Why are Trump's tariffs for China not unconstitutional?

Immigration: How Realistic Are Trump's Election Promises?

Donald Trump has repeatedly promised in the presidential election that a "big, beautiful wall" will be built on the border with Mexico. Can he implement his project?

"He can at least start with it," says Stephen Yale-Loehr, professor of immigration law at Cornell University. He is co-author of a 21-volume standard work on the subject. "The Ministry of Homeland Security has funds that are intended for border security and immigration control. Trump can instruct the Ministry to provide some of the funds for building a wall."

"Under current law, he can implement part of it," says Cristina Rodriguez, professor of law with a focus on immigration law at Yale University. "But in order to build the beautiful, great wall that Trump spoke of, Congress would have to approve the provision of appropriate funding."

Both scientists believe it is likely that Congress will provide additional funds for the construction of the wall, at least initially. However, they cannot imagine that a wall will actually arise along the entire American-Mexican border in the next four years.

Can Trump, as President, in accordance with his election promise, all illegal immigrants or - as he announced later - all of them criminal record deport illegal immigrants?

In principle, Trump, as President, could accelerate the deportation process without the approval of Congress, according to the experts. But in order to deport all eleven million unregistered immigrants soon, or even just those with a criminal record, additional funding would be necessary due to the bureaucratic effort. These, in turn, would have to be provided by Congress. For example, much more judges specializing in immigration law would need to be recruited because every single immigrant accused of being illegally in the country has the right to a trial.

Immigrants protest outside the Republican Committee building in Washington, D.C. in May 2016.

"Every government has to decide which group of people it wants to focus on," says Yale-Loehr. "For the Obama administration, for example, criminal foreigners have the highest priority. I think Trump will do it similarly, only more intensely. Perhaps he will reinterpret crime and, for example, define people as criminals who are accused of a crime but not yet He can do something like that without the approval of Congress. "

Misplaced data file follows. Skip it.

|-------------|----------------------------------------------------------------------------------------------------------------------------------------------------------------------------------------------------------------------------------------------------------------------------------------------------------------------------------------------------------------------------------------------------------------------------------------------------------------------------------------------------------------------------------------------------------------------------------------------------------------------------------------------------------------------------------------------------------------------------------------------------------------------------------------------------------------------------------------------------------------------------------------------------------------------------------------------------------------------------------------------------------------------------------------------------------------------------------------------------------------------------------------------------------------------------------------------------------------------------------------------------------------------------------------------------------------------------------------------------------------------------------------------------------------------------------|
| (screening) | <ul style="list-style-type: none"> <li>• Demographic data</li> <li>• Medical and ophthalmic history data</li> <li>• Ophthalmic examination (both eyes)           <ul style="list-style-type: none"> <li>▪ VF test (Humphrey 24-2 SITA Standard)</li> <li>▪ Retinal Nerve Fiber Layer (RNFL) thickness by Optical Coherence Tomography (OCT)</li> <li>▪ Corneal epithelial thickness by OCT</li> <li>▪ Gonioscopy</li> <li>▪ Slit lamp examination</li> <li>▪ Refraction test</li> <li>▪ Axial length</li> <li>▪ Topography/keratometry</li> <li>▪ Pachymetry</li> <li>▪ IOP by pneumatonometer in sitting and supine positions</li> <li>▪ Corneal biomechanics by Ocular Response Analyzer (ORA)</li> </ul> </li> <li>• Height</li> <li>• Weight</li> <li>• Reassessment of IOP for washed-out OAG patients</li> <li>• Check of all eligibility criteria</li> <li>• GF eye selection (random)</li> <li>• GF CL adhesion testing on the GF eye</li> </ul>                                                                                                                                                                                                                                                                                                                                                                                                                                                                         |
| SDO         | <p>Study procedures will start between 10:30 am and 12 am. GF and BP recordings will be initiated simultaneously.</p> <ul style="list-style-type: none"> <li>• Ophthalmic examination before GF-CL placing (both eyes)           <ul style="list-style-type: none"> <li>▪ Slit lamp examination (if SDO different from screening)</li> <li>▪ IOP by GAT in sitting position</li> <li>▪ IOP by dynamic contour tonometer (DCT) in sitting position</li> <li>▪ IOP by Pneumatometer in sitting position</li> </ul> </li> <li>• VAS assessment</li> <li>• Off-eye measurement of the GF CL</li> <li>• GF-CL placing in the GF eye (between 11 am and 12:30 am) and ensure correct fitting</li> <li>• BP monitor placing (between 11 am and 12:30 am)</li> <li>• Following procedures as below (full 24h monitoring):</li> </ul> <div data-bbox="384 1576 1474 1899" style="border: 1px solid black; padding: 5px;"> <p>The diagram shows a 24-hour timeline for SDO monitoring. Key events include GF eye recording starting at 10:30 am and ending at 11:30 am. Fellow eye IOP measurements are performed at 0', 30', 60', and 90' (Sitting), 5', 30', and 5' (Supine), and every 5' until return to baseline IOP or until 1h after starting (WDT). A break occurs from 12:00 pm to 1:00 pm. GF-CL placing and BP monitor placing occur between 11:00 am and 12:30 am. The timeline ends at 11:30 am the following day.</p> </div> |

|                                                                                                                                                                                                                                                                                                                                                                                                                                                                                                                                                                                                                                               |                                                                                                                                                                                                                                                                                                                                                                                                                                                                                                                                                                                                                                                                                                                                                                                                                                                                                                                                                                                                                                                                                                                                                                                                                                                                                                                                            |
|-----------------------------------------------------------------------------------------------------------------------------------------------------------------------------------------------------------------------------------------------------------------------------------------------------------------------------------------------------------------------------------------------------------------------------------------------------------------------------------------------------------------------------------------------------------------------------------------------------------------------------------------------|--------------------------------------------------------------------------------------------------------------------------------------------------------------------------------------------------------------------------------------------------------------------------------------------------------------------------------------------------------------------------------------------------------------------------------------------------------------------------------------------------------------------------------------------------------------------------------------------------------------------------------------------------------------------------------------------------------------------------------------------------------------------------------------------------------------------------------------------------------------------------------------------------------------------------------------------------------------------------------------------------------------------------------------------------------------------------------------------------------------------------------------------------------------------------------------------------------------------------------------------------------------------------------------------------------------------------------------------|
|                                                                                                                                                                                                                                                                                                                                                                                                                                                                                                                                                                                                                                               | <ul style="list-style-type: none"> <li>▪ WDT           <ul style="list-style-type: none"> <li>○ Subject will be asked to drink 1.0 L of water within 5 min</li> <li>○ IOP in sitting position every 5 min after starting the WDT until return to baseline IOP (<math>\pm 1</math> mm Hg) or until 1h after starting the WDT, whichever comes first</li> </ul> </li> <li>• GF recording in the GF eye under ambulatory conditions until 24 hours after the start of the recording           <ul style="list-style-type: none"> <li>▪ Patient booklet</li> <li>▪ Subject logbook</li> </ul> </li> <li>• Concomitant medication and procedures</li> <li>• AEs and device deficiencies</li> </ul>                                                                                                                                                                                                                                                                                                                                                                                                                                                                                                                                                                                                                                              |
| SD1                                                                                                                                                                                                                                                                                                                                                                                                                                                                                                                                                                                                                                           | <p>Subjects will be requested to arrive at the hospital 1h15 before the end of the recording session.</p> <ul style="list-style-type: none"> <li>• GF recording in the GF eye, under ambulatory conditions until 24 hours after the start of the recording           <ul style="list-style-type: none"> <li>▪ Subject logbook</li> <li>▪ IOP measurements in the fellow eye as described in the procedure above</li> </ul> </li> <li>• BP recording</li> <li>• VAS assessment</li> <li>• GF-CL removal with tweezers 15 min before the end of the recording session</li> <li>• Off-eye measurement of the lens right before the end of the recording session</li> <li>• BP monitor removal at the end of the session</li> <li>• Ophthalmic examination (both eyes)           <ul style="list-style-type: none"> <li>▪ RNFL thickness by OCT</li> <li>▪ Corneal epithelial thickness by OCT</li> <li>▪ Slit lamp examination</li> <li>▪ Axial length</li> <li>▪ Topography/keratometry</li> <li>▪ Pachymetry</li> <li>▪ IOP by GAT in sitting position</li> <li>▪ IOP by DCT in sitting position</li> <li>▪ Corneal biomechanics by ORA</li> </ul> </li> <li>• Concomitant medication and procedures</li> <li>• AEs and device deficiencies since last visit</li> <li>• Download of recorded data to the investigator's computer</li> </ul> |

"I think the policy will change in the way that more people are targeted by the authorities who have only committed minor fines," says Cristina Rodriguez. "Trump has spoken several times of two to three million criminal foreigners. The number 'three million' in particular seems very high to me. Whether that means that Trump also wants to concentrate on illegal immigrants who have not committed a capital crime, I don't know. But if the police and authorities are open to this idea, that could happen. "

As president, can Trump keep his election promise not to accept any more Syrian refugees and to expel those who are already in the US?

"He can certainly stop the admission of refugees," says Rodriguez. "Through a selection process, the president can determine every year how many refugees from which countries he wants to take in. So he can easily say 'No refugees from Syria this year.'"

"He cannot simply throw refugees who are already in the US out of the country. You would have to be able to justify legally why they should not be here, for example because they are alleged terrorists or have committed crimes. But even in such a case they would have." the refugees have the right to a trial before they are expelled from the country, "says Yale-Loehr. "I think the whole thing is an empty threat."

As President, can Trump generally prevent Muslims from entering the United States, as he originally announced? Can he, as he later proposed, prevent immigration from certain regions at risk of terrorism?

Trump could not enforce an entry ban for all Muslims because that is most likely unconstitutional, so

The USA has so far taken in relatively few refugees from Syria

Rodriguez. Both scientists, however, agree that Trump can prevent people from certain countries and regions from entering the United States.

"He can certainly introduce stricter controls on people from terror-prone countries," says Yale-Loehr. "In a way, we did the same thing after the September 11, 2001 terrorist attacks. At that time, we controlled people outside the United States more closely, and it was ordered that immigrants inside the United States who came from those countries should join registered with the Immigration Service. "

What do Trump's plans mean for the US, which is traditionally considered an immigration country?

"Overall, I think immigrants will be less welcome here in the next four years because Trump has made clear what his message is: 'America first,'" says Yale-Loehr. "I think some people will not even be able to enter, while others will have to wait longer due to more intensive controls."

"I think there is enough reason to be pessimistic," says Rodriguez. "I expect that there will be a lot more talk about enforcement and that the target group will be expanded. I think the Trump administration's rhetoric will be significantly more negative towards immigrants and will certainly have an impact on society regardless of the number of those who actually come into the country. "